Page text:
Forecasting Natural Gas Design Day Demand from Historical Monthly Data
- Ronald H. Brown (Marquette University) | Paul E. Kaefer (Marquette University) | Calvin R. Jay (Marquette University) | Steven R. Vitullo (Johnson Controls Inc.)
- Document ID
- Pipeline Simulation Interest Group
- PSIG Annual Meeting, 6-9 May, Baltimore, Maryland, USA
- Publication Date
- Document Type
- Conference Paper
- 2014. Pipeline Simulation Interest Group
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- 103 since 2007
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In this paper we discuss methods and limitations of building daily natural gas demand models from historical monthly consumption data for the purpose of predicting demand on design day conditions. (Here we define the design day as the bitter cold day that produces the highest demand the system is designed to handle.) Effective gas system planning for design day operations and design day design requires accurate design day demand forecasts. For regional segments of the gas system, often only cumulative demands over billing cycles is available and may not include periods with extreme cold weather events. This paper provides an overview of new methods for building design day forecasting models based on this coarse data.
We discuss building daily demand models using monthly consumption data, including what inputs can be used so that model coefficients are identifiable. Significantly more accurate models are built using two temperature inputs instead of a single temperature input. This approach fits the data much better on extreme cold days showing a higher design day demand. We also discuss observations on recent multiday near design day events showing higher than modeled demand on the peak day, known as the heck-with-it-hook, which impacts confidence levels.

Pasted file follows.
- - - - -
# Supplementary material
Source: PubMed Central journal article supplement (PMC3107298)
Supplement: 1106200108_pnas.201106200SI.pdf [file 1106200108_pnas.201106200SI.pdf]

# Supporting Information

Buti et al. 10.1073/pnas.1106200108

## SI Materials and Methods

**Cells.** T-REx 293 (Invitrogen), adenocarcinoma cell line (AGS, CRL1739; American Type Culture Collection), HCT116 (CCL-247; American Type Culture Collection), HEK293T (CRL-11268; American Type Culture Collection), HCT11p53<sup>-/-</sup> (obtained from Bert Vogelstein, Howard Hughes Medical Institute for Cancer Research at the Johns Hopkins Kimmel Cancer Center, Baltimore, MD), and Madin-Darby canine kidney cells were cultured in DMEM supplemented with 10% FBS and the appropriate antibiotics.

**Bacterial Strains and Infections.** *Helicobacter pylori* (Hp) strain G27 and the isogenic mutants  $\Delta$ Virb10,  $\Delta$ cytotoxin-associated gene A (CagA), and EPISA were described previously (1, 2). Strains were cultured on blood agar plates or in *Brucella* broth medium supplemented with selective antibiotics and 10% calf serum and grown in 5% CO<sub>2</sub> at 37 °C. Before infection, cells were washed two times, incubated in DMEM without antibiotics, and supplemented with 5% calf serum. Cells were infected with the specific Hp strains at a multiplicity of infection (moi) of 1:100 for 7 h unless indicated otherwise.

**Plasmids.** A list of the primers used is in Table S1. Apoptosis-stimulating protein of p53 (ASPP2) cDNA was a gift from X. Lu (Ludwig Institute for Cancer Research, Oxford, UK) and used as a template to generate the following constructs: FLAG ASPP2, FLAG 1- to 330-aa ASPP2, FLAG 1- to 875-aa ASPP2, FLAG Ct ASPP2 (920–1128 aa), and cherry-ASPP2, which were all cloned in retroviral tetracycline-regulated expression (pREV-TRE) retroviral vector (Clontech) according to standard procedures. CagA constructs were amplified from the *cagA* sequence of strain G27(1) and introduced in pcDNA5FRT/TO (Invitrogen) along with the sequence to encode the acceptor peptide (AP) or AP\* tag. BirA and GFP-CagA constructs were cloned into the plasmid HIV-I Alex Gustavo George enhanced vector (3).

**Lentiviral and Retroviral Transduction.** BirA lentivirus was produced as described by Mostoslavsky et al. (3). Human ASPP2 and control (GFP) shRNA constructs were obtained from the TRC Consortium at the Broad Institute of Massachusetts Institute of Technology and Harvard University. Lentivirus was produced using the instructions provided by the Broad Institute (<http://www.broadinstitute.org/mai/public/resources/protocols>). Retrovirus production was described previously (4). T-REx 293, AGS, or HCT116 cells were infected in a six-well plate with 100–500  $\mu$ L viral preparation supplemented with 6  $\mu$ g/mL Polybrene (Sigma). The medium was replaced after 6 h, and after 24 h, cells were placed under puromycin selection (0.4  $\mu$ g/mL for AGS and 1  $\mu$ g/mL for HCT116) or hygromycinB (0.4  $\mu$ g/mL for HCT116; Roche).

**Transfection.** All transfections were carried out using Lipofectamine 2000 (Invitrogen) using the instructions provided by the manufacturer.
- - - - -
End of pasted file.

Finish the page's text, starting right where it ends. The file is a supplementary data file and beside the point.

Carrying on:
Results are presented comparing model forecasts made with models parameterized on monthly data and on daily data. These test results include models built with no near design day conditions in the training data set but evaluated on testing set data with such data included. Results of forecasts from various gas systems are discussed and the use of proxy data from these gas systems for use on other gas systems.
|File Size||272 KB||Number of Pages||15|